Getting to average in FDP only increases Miami’s expected win total by a half game. Getting to one standard deviation above the mean gets them close to one full win, and two standard deviations gets them an additional 1.5 wins. Moving Miami from a true talent 7-win team last year, to a true talent 8.5 win team. It’s important to note that this is a 21% increase in expected win percentage, simply by becoming very good at creating at least one first down on each offensive possession.

FDP is another area that Miami can improve their team and gain Hidden Points during the 2019 season.

If you enjoy my work, please follow me on twitter @HurricaneVision. Thank you
Great stuff. Thank you
 
And these pitiful stats...

#92 Total Offense
#46 3rd Down conversion offense
#93 Turnovers Lost
#68 in TOP
#118 Net Punting
#100 Kickoff Coverage D

With any sort of offense this team could have been really good in 2018. The D was put in a terrible position in most every possible stat.
 
The statistical analysis is my third favorite thing here. After new stadium and uniform threads.
Honestly, I find this stuff very interesting. Anybody can tell you the offense struggled, not many people can tell you why backed with numbers. Last year's offense was spectacularly bad. Not only did they not move the ball, they turned it over a lot. When they didn't turn it over, we got shackled with a 12 yard punt on 4th down. Given the talent available, I don't think they could have possibly been worse.
 
It’s remarkable that two units on the same team could have such drastically different average starting field positions. The offense was top ten in the country in average starting position while the defense was among the worst.

This really goes to show how drastic the performance difference was and how much better that defense could have looked if paired with even an average offense.

Great stuff as always, @Lance Roffers!
 
What I like is how Lance shows the impact an improvement will have on points per game, based on mathematically sound principles. First back to the mean, then one and two standard deviation above the mean. Isolating a few key stats, over the past three or so posts, he’s found us another 2-3 wins without the need for a Devin Hester miracle.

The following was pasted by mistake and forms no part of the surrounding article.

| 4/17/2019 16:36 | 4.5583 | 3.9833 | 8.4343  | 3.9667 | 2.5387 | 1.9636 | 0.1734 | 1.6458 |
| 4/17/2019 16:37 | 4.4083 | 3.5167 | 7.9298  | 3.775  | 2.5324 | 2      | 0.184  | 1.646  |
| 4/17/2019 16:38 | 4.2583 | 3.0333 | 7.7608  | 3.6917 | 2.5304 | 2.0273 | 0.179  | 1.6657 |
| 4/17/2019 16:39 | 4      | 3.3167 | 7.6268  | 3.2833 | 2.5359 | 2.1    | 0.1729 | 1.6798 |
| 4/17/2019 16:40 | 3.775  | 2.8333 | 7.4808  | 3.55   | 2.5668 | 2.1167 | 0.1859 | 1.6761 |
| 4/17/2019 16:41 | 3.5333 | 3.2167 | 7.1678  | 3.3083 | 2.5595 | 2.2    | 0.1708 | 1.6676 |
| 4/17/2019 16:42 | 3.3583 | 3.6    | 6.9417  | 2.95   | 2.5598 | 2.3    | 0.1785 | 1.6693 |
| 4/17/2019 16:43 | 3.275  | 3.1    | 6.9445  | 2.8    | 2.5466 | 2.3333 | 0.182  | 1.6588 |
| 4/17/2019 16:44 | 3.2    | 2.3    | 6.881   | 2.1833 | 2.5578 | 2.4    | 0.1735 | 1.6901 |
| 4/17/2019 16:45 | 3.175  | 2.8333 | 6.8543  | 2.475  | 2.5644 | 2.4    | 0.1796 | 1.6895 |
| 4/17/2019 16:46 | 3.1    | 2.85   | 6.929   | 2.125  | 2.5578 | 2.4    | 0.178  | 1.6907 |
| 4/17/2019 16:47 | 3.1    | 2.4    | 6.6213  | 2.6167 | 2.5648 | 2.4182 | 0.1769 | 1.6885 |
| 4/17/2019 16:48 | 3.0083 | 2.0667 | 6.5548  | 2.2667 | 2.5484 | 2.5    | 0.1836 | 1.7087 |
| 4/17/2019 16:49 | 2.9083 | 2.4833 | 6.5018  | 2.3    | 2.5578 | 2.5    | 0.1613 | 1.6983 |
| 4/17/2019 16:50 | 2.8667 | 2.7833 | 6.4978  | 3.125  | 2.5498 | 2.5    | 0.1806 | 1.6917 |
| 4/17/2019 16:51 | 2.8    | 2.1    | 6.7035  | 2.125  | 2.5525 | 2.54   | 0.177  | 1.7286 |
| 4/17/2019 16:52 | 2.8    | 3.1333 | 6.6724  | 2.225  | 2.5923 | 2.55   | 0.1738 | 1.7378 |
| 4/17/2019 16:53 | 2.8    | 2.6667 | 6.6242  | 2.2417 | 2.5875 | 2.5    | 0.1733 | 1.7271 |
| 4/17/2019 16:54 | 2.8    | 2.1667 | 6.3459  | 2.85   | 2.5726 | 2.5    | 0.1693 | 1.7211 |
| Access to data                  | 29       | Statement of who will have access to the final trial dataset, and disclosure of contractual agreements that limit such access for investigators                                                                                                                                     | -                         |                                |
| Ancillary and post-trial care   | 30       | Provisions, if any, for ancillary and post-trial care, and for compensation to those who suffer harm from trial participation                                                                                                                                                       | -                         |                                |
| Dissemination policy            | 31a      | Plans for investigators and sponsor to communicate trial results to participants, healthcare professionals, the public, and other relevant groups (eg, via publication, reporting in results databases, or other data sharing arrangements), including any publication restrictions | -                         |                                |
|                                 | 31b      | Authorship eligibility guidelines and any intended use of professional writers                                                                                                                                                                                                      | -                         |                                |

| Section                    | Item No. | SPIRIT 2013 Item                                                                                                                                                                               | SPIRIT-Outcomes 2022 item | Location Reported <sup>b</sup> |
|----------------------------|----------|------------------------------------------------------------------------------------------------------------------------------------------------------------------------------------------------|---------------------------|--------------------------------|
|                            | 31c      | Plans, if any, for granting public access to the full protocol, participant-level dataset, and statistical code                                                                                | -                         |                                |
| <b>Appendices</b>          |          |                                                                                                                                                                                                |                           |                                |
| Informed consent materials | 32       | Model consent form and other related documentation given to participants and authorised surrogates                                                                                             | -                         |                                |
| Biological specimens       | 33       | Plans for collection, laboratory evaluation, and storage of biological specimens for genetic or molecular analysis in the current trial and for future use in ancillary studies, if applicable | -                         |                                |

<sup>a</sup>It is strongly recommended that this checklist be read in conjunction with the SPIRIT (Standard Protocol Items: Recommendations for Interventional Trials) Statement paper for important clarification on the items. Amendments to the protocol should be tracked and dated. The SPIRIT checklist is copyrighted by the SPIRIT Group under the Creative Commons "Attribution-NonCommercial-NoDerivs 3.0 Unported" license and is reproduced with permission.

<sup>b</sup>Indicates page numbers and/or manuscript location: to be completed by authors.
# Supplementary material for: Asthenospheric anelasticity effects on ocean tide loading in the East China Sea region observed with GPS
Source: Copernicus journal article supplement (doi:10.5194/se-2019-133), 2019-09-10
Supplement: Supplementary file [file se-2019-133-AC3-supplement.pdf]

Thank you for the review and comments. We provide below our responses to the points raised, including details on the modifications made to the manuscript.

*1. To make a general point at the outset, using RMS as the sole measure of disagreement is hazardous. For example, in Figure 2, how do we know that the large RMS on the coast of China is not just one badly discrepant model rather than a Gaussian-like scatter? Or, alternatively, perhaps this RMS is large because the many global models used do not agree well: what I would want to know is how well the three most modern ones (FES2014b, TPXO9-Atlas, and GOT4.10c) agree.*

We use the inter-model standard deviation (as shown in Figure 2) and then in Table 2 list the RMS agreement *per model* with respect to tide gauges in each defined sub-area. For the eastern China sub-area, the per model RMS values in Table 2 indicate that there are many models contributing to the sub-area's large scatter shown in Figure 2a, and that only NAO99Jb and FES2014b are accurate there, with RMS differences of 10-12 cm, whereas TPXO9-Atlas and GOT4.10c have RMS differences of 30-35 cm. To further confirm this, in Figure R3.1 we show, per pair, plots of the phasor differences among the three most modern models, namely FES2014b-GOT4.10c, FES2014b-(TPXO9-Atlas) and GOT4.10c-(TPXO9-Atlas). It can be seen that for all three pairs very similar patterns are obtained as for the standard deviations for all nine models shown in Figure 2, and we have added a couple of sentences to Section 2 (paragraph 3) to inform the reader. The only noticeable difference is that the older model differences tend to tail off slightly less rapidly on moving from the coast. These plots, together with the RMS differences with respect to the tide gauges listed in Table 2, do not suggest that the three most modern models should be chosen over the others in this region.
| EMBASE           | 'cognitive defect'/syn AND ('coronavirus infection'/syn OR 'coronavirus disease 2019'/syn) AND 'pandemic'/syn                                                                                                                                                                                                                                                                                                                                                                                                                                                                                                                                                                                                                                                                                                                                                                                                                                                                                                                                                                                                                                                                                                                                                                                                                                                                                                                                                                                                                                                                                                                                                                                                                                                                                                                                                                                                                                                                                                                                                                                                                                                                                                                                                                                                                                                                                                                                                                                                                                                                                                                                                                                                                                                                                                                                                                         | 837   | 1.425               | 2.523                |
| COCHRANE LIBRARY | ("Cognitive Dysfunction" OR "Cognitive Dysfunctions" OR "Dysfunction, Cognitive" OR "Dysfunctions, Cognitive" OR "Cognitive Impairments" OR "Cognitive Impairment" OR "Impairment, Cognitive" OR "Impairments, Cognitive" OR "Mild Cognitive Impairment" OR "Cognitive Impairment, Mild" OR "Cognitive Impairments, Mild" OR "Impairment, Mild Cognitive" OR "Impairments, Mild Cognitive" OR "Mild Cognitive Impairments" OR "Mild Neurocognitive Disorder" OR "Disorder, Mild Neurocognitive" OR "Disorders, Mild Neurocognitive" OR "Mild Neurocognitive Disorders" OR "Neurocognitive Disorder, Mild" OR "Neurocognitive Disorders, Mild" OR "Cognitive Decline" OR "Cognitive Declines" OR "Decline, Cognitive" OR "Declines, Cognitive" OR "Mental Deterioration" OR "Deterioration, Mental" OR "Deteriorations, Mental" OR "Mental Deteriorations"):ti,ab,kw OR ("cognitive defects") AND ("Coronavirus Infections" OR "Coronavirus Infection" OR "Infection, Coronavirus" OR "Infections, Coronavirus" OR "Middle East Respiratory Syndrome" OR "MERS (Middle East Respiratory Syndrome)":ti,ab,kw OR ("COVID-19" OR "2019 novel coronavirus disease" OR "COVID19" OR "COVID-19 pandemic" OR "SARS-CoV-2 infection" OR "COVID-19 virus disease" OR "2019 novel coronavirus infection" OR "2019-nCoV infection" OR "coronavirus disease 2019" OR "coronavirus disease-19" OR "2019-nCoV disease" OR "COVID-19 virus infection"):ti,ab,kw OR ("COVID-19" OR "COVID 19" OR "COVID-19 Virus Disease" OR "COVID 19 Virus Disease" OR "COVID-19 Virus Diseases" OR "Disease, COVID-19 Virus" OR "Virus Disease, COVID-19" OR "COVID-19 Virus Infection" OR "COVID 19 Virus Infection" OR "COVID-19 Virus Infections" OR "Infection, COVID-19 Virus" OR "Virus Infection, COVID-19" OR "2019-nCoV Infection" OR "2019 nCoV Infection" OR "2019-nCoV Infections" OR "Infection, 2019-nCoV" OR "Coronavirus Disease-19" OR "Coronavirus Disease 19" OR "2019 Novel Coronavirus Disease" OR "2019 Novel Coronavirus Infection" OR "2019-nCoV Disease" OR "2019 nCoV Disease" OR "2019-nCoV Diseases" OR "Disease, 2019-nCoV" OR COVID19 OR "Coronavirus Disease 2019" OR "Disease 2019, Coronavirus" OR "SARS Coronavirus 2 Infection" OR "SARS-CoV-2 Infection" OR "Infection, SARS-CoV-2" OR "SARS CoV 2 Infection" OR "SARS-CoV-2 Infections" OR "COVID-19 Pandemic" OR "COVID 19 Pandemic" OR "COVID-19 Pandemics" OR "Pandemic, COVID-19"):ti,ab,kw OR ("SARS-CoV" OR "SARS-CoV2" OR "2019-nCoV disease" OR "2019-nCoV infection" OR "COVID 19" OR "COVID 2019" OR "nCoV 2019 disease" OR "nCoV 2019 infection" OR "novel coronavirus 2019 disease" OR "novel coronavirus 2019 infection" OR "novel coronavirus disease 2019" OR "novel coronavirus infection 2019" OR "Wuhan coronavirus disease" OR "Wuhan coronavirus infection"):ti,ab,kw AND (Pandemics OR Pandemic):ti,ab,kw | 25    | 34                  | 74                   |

We of course know this intuitively. Field position and conversions matter. But it’s nice to see a fact-based impact analysis and proof. And it shows that even a moderate level of improvement by Enos (along with special teams) should change our record significantly.
 
Lance,

On your quote:

When I first ran the numbers, I expected to be writing about the impact that this has on the defense, but multiple studies have shown that rest time for the defense, number of plays for defense etc. have zero impact of the ability to score on that defense. The first study from 2011 has shown the same results as the latest study in 2018 on the subject.
Although it might not directly impact defense rest time, it does present the issue of the opposing teams (assuming they do better at first downs than us) getting more offensive plays - aka: more chance to score. Also there is a psychological factor that cannot be discounted, football is a mental toughness game. If the offense keeps f'ing up and the kick team keeps give the opposition great field position, it starts to drag on a defenses mental focus - especially if that defense is not truly, really mentally tough (Duke/Virginia anyone). I love our defense, but I did wonder at times last year about their mental toughness. Now let me say when I say mental toughness its not just the individual player, but the unit as a whole. The leadership in the huddle, the position leadership. Its not as easy as saying Shaq Quarterman is tough (which he is in spades) or xyz player is a tough guy. That is not what I talking about. Its the unit as a cohesive one, playing with mental toughness. Unless the head coach is instilling leadership, pride, and toughness then as the game/season goes on and the offense keeps sputtering, the defensive units toughness start to erode. Now with that said, I think the defensive unit was much tougher than the offensive - which I attribute to Manny. But a coordinator only goes so far. It really comes from the top down. As it does in any organization. Apple under Jobs == Butch Davis 2000/JJ, under Tim Cook == Larry Coker.
 
Understand my brand of writing is not for everyone. If you have feedback on what makes it boring I’m happy to listen.
Data doesn't lie.

I, for one, absolutely love how analytics is being used now and the fact that you provide it here is appreciated.
 
Rutgers, Florida State, Louisville and Miami leading the bottom of converted first-down percentage . . . just . . . Wow . . .
I would expect we could beat that just running the wildcat . . .

Thanks, Lance . . . great, as usual . . . and sobering, as usual . . .
 
For years, Miami's two biggest strategic production problems have been 1) inability to sustain offensive drives via 1st downs (several reasons why) and 2) inability to make timely 3rd down defensive stops (also several reasons why).

Solve those two strategic issues, Miami wins a Natty--probably several.